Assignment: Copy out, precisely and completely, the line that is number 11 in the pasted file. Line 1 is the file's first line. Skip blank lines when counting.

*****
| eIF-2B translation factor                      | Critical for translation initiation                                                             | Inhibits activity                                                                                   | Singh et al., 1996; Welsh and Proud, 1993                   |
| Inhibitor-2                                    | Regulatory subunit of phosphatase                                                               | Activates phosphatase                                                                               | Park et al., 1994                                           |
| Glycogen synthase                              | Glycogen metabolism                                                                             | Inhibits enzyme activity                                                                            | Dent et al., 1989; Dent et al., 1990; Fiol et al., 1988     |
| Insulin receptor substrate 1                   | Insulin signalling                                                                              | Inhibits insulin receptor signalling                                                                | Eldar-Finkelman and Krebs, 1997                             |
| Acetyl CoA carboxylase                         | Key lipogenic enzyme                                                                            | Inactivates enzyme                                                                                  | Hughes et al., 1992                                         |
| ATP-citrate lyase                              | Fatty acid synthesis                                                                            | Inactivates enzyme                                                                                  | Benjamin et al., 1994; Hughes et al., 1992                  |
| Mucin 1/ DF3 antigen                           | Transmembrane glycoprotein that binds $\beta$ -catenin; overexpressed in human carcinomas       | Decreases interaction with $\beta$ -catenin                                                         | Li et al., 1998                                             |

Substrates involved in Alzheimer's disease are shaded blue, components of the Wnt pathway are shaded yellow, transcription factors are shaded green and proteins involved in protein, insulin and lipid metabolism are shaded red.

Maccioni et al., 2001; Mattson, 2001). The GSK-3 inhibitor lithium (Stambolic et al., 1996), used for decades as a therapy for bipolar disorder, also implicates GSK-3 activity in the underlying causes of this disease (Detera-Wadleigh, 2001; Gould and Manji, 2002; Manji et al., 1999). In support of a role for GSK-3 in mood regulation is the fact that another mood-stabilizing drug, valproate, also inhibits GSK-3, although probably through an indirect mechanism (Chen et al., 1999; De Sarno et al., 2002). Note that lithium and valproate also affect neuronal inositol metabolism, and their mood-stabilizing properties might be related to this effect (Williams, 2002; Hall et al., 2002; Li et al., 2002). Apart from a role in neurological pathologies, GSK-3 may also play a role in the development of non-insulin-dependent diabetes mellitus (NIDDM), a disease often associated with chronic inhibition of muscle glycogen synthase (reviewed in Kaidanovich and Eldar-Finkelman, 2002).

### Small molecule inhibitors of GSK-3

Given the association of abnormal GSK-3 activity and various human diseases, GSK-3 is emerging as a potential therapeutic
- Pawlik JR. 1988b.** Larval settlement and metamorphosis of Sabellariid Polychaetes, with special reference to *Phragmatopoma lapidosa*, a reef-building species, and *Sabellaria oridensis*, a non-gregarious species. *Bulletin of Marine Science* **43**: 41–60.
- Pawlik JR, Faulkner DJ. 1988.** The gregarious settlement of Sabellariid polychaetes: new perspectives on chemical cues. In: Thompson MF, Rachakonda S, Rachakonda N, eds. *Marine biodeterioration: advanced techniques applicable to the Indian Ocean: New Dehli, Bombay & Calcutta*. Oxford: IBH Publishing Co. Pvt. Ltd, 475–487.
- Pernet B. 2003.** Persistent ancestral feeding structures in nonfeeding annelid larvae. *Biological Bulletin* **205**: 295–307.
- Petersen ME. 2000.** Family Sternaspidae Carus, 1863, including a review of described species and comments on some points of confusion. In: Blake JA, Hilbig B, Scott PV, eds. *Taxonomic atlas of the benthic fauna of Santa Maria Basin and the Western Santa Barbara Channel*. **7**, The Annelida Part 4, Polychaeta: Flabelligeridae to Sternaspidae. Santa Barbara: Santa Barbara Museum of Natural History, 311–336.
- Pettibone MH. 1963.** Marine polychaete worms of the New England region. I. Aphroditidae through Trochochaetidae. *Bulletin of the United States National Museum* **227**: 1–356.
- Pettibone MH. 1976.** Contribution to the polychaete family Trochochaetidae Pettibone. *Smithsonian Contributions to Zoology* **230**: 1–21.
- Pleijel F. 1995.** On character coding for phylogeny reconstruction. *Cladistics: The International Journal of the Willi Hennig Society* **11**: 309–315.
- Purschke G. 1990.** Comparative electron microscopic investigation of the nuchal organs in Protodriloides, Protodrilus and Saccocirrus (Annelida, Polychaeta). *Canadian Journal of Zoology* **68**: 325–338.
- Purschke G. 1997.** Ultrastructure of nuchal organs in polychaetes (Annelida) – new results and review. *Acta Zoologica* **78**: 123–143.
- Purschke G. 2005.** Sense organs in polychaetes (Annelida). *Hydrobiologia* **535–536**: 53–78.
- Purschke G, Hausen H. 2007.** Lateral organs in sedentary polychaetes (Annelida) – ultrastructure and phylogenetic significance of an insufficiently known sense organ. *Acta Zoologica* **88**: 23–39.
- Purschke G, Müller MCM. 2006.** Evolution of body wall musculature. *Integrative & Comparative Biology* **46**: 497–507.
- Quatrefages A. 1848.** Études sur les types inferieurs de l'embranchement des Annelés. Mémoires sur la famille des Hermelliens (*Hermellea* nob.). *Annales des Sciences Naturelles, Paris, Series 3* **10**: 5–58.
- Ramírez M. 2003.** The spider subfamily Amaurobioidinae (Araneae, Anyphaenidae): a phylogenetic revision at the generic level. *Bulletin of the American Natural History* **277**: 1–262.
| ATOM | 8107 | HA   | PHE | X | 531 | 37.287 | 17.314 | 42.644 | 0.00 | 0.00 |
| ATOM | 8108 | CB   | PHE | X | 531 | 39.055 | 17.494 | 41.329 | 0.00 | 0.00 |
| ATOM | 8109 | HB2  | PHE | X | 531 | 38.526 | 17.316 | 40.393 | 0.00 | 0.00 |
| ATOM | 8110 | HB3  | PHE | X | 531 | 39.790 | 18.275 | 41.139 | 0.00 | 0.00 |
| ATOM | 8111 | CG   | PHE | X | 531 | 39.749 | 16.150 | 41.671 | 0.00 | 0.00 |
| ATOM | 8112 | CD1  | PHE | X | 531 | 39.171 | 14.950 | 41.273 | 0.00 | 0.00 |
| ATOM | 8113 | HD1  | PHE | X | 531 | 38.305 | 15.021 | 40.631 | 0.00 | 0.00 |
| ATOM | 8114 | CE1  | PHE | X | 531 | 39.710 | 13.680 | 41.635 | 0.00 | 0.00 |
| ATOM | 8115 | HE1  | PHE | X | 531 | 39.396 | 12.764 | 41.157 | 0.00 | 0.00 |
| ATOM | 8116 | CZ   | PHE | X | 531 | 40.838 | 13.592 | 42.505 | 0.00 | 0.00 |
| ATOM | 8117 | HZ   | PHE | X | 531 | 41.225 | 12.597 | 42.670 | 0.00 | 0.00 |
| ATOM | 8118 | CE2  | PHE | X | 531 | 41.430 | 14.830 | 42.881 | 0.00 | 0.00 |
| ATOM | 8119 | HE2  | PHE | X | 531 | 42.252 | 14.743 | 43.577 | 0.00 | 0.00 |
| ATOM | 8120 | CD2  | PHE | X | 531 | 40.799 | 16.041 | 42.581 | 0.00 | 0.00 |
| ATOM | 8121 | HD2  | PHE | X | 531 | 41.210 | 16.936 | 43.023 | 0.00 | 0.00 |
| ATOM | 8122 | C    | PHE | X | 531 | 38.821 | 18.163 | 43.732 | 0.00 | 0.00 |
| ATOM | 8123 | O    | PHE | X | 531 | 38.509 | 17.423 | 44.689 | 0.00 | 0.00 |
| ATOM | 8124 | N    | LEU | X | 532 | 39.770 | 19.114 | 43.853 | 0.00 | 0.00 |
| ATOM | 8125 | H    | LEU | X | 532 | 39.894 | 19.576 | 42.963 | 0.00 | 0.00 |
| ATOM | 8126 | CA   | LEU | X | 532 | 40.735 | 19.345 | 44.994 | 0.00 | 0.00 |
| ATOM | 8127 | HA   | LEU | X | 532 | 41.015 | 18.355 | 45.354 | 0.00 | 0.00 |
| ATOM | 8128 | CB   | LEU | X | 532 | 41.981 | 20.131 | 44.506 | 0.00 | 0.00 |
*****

Given the association of abnormal GSK-3 activity and various human diseases, GSK-3 is emerging as a potential therapeutic